Making Moves At McDonough: What Gave Parents The Guts To Do An MBA

Whether you’ve taken it recently or are planning to soon, we all know that the GMAT and the GRE are both grueling experiences.

Zainab Imam, a second-year MBA student at Georgetown University’s McDonough School of Business, knows that intimately – she took the test while she was seven months pregnant.

“It definitely taught me about endurance,” Zainab laughed.

Zainab Imam and family

Before her MBA, Zainab worked for a non-profit organization in Washington, D.C., a job that she loved but had limited growth potential. She watched her husband pursue an MBA, which piqued her interest, but she wasn’t sure she could do it herself.

The encouragement she needed to take that next step? Her soon-to-be born daughter, Minerva.

“I thought, ‘I know – I’m having a baby. It’s not ideal to be making another huge life decision right now,” she said. “But I didn’t want Minerva to grow up in an environment where I let the fear of the unknown guide my decisions.”

So, Zainab sat for the GRE. For five hours. While pregnant.

“It was a daunting feeling, but the fact that I was becoming a mother made me want to tackle it,” she said. “It gave me the impetus and the guts to say, ‘I am going to do this.’”


When Zainab started the MBA program, her daughter was six months old. She worried that classmates might be intimidated by her identity as a parent, but the McDonough student body was quick to disprove that assumption.

“I’d wear Minerva [in a baby carrier] to cohort happy hours, and people loved playing with her,” she said. “I wanted people to see parents as MBA students, too. We’re parents, but we still socialize. We’re not intimidating.”

She said the support of other parents, like Khadijah Brydson Van and Brendan Hurley, fellow second-year students in the program, made a huge impact on her experience in the MBA. The three served on the board of McDonough’s Partners and Families Club – a group aimed at ensuring partners are included in the MBA experience and provide a support system for those with children.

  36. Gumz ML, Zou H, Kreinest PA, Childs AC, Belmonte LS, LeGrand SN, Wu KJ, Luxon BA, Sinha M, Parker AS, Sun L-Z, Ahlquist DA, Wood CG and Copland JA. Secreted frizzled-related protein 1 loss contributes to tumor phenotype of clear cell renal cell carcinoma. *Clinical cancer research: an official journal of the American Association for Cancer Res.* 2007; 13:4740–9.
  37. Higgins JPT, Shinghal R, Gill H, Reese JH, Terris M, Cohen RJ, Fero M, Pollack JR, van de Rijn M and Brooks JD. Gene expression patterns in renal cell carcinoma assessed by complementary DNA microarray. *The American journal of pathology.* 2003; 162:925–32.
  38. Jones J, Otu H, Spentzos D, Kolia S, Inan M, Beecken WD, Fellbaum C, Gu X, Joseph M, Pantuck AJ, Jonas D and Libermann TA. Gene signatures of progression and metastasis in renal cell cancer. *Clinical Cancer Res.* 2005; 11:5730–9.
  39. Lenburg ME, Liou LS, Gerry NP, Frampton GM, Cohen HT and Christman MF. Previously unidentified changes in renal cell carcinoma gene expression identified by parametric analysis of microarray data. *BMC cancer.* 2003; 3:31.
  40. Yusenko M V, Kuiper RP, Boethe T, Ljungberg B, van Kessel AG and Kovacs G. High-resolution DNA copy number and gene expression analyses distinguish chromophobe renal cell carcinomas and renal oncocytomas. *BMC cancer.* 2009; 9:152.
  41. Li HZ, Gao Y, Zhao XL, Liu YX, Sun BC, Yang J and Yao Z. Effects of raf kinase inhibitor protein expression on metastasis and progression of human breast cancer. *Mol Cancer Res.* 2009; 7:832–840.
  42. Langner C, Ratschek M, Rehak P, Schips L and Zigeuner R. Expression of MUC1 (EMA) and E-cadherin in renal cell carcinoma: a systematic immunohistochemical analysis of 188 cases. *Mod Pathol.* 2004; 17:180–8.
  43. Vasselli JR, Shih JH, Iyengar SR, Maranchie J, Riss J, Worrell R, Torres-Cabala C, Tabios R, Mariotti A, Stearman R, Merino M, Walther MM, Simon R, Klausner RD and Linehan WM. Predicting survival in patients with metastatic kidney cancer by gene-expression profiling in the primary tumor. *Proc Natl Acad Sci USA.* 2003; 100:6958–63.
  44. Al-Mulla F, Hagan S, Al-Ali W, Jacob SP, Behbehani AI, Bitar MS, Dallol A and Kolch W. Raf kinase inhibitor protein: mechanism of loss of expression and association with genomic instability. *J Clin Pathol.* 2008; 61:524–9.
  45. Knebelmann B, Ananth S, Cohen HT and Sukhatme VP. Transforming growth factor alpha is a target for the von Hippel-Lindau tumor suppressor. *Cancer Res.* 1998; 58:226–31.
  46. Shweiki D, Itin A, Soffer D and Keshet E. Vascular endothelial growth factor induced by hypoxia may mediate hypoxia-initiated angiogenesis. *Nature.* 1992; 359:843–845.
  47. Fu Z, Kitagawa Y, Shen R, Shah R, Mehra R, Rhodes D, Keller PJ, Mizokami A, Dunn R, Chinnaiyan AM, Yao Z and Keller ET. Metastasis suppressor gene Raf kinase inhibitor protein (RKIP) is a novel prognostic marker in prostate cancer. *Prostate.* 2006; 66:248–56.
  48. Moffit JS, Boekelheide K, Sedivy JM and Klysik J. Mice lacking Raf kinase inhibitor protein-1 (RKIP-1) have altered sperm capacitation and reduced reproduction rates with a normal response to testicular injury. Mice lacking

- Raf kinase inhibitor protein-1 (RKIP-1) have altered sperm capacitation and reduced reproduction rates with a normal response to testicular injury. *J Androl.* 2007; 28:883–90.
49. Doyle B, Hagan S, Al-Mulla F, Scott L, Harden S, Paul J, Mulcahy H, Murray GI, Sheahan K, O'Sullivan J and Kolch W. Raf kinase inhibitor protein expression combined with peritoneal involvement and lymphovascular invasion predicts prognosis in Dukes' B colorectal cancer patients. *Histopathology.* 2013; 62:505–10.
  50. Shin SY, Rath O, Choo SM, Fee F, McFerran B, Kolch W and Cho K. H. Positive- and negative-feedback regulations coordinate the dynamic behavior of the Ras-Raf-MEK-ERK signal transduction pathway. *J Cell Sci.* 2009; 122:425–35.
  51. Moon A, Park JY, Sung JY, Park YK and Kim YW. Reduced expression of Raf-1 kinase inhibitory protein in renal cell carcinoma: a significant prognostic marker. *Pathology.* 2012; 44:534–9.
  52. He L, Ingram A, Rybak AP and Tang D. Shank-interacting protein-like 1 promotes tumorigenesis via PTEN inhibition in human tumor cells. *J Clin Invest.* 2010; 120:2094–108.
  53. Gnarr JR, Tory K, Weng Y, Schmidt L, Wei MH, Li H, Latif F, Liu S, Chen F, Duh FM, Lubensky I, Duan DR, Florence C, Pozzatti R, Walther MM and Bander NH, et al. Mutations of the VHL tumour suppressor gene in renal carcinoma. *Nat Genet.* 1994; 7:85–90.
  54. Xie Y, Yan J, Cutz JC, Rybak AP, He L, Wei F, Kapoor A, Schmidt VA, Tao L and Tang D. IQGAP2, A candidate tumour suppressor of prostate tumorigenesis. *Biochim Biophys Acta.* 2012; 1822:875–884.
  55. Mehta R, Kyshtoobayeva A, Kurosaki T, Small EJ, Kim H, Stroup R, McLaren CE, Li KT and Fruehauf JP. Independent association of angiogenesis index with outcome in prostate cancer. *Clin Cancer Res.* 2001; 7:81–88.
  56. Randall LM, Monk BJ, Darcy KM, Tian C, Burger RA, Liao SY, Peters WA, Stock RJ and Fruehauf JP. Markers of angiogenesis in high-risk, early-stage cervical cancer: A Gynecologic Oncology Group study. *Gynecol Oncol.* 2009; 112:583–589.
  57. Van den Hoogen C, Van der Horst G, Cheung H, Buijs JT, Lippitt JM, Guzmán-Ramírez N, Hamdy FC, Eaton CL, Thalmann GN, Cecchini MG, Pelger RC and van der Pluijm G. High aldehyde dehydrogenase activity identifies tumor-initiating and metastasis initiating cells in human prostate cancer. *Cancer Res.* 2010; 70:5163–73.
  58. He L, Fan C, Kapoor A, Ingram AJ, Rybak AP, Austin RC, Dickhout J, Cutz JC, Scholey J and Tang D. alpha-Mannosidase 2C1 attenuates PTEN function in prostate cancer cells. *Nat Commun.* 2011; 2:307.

Khadijah Brydson Van and family

Khadijah, who already had two twins, Virgil and Karter, was pregnant with her third child, Harmony, during her first year of the MBA. She said that the experience taught her that she can conquer anything life puts in front of her.

“My kids will look back at this experience and know that if there is something that you want, you can get it,” Khadijah said. “It was bananas. It was the most intense time of my life.”

Despite the intensity, support from Khadijah’s husband and the school made pursuing an MBA possible for her. On days that she has class, her husband handles most of the parental duties, including school pick-up and drop-off.  On the days that she doesn’t, she tries to ensure that her team meetings are virtual, so she can share in the caretaking responsibilities with her husband.

“Honestly, it’s tough. A lot of days you just don’t feel like you’ve done everything well,” Khadijah said. “My husband has been doing a lot of the heavy lifting, and the faculty and my cohort really went above and beyond to make sure I had what I needed.”

A major part of that was communicating her needs to her professors and project teams – early and transparently. For example, if a family situation arose that conflicted with a meeting or deliverable, she was quick to flag this for her team so they could adjust accordingly. Additionally, she said setting expectations with teammates early alleviates any tensions might arise.